Copyright © 2015, ABC Radio. All rights reserved.


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Creatas/Thinkstock(NEW YORK) -- An estimated 1.2 million women are trying to get pregnant and struggling. What if technology could help? That’s the question Vanessa Xi, founder of Yono labs, asked after she struggled with fertility issues. Her invention: an in-ear thermometer you sleep with.

First let’s back up and look at the way women currently determine their window of fertility each month. Basal body temperature is the lowest temperature your body reaches each day. It happens while you sleep.

Each month, when a woman ovulates, her basal body temperature rises between .4 and 1 degree and remains at that higher temperature until her period. When you chart your basal body temperature for a few months you start to see the pattern of when you are ovulating. You may realize that exactly 12 days after you start your period, your temperature rises. The day before that temperature rises is the optimal window to try and get pregnant.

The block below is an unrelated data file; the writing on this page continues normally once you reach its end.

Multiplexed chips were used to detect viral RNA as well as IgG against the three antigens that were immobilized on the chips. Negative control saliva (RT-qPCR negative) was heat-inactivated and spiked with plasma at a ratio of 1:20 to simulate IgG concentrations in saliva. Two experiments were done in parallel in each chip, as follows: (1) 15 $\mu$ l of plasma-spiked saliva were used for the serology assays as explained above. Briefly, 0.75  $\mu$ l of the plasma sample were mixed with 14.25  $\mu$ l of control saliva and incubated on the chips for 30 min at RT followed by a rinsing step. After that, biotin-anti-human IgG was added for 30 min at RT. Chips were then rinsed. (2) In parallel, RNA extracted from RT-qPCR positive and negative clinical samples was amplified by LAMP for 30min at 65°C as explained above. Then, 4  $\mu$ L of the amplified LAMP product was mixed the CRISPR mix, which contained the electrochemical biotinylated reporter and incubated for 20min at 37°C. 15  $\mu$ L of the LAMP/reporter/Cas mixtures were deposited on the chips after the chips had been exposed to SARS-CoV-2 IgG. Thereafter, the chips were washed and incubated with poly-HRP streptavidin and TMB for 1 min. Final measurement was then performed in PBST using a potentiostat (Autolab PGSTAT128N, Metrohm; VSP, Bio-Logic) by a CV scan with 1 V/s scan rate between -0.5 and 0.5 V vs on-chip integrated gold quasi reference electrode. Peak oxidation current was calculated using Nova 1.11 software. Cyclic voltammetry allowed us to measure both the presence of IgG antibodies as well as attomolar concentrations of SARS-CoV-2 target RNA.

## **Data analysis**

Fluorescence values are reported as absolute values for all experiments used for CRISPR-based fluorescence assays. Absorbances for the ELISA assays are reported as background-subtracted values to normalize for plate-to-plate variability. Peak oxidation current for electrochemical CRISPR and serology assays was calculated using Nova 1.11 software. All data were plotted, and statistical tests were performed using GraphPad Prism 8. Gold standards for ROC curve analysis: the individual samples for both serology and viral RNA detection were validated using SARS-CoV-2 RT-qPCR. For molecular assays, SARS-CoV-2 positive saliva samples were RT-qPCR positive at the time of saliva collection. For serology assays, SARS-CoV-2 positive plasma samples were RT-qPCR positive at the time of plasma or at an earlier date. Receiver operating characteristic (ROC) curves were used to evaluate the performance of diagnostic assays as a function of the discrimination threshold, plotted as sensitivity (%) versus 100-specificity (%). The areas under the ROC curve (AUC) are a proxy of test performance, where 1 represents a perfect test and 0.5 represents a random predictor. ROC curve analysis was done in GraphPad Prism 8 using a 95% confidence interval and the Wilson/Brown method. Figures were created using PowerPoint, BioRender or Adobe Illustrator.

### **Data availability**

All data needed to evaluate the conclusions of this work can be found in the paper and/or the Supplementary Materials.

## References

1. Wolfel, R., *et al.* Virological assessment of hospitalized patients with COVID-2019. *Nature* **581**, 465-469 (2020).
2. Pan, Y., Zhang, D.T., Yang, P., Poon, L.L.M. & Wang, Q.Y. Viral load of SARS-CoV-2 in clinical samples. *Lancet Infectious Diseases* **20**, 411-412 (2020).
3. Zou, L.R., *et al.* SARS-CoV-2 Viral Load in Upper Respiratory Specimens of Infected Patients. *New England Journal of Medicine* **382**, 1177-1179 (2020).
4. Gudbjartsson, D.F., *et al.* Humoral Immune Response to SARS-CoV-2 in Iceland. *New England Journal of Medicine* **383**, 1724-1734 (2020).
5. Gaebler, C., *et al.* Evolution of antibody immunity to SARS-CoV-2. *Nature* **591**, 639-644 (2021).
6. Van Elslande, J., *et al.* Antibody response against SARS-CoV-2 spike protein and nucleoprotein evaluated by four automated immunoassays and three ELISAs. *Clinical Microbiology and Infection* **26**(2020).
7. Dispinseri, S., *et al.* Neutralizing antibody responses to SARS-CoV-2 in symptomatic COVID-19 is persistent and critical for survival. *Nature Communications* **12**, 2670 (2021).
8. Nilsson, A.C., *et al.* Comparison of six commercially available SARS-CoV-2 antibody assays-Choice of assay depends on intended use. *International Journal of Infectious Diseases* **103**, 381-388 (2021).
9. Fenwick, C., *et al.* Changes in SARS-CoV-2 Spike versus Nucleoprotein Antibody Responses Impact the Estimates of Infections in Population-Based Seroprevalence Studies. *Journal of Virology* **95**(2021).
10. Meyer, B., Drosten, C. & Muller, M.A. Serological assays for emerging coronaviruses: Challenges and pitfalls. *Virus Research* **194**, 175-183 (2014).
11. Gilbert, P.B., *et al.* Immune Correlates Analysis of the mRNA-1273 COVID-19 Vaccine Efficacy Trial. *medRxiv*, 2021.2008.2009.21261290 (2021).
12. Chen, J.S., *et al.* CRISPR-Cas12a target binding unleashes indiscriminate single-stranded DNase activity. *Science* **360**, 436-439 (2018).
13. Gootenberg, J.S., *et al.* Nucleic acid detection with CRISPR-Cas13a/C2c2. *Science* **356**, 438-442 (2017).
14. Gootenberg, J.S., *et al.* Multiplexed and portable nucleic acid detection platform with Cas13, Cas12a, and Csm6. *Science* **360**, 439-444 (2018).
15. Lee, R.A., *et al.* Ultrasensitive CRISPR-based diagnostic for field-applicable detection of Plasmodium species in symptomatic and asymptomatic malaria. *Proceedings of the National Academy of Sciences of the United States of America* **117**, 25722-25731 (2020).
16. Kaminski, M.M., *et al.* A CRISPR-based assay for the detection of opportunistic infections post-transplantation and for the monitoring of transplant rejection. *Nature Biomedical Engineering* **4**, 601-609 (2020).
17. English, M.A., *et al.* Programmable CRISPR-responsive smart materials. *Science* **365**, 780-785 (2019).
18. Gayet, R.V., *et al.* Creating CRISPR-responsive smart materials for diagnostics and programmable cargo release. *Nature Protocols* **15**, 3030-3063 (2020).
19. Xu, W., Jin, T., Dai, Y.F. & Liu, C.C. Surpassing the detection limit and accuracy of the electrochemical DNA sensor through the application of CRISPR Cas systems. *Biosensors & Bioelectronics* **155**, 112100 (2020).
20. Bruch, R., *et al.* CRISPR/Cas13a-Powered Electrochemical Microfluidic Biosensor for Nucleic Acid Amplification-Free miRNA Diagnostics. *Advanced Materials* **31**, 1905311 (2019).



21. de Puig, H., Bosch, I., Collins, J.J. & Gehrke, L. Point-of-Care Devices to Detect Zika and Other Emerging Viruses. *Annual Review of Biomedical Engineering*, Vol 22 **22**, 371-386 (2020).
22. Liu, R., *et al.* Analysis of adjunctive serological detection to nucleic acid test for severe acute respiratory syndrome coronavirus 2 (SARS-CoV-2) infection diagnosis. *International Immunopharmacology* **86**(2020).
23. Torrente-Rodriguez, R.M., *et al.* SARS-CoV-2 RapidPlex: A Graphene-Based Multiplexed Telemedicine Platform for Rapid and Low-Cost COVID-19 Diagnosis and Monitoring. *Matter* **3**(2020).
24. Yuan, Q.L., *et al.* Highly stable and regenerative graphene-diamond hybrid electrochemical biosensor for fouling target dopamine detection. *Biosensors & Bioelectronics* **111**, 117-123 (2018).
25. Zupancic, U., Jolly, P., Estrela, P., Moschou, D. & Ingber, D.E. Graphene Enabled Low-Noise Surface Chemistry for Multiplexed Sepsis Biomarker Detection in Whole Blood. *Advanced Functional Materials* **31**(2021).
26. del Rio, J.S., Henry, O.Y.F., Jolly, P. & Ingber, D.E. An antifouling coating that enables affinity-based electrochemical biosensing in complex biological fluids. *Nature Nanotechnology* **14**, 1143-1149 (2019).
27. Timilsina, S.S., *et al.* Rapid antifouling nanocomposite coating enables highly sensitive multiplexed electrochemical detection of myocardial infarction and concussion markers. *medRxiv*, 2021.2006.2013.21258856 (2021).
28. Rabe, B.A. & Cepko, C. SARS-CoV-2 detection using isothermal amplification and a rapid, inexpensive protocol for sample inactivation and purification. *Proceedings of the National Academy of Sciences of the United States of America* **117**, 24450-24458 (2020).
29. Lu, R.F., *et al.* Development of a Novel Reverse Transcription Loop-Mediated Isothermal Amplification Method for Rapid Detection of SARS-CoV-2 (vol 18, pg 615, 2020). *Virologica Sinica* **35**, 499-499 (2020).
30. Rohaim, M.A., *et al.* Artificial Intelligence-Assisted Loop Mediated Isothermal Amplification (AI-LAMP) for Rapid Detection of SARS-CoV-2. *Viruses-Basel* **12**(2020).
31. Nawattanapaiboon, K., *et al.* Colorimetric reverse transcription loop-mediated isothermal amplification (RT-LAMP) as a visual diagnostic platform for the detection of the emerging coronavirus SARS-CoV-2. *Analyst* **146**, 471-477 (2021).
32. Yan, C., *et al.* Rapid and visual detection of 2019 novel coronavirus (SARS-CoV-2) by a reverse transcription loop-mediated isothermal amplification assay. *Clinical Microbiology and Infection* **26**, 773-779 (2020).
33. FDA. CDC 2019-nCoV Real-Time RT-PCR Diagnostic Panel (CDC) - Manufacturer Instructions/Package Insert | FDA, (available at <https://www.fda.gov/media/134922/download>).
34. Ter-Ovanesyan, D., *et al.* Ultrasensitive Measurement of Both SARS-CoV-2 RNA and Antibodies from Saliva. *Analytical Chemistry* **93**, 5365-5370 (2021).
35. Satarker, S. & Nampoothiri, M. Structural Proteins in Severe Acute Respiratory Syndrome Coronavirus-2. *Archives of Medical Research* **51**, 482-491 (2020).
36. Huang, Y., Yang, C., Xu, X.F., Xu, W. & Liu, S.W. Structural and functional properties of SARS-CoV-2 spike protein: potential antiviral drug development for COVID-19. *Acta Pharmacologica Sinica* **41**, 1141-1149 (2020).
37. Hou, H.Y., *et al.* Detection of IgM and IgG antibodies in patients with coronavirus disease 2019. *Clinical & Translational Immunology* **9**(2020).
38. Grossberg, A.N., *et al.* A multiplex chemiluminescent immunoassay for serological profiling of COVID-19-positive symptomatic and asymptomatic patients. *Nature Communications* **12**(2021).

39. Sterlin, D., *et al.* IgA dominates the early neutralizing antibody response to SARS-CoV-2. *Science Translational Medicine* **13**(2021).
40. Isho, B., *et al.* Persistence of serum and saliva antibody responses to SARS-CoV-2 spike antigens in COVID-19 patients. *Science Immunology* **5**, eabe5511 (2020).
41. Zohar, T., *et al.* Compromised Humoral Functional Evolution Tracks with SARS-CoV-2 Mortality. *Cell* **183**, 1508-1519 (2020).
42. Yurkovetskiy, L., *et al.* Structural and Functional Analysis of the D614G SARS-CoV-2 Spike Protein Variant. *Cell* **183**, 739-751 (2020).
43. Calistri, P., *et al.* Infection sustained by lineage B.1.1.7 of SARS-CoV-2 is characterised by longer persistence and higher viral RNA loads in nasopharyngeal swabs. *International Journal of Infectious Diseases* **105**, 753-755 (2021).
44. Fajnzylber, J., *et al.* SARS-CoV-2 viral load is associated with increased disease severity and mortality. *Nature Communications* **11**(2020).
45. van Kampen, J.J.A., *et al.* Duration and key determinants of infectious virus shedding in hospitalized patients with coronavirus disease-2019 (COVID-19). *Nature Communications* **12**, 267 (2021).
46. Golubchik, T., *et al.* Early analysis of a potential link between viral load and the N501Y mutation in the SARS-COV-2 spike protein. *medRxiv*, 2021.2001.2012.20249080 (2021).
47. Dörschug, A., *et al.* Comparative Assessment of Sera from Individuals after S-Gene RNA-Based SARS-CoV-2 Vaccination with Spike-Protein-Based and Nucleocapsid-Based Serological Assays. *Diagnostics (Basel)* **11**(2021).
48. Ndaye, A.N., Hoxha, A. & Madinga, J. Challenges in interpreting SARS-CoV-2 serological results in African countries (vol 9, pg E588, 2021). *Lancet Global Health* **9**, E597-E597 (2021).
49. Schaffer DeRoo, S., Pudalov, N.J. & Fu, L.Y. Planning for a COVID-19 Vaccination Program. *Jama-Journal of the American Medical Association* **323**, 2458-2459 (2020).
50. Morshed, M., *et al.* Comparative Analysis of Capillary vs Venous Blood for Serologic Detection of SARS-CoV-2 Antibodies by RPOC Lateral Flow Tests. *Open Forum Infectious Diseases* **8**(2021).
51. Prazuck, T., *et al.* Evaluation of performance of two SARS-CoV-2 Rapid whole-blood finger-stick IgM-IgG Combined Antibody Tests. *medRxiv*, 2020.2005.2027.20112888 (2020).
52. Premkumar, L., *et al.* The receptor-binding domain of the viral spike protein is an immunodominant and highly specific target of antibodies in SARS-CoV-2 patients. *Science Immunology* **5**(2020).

Traditional methods of taking your basal body temperature sound simple but are actually tough to execute. You need to set an alarm and take your temperature at that same time every day before you get out of bed. As soon as you get up or start moving around the body heats up and the basal body temperature is lost.

Hillary Yeager, who tracked her basal body temperature the traditional way using a thermometer in the mouth, described how involved the process became for her, and said it made her anxious.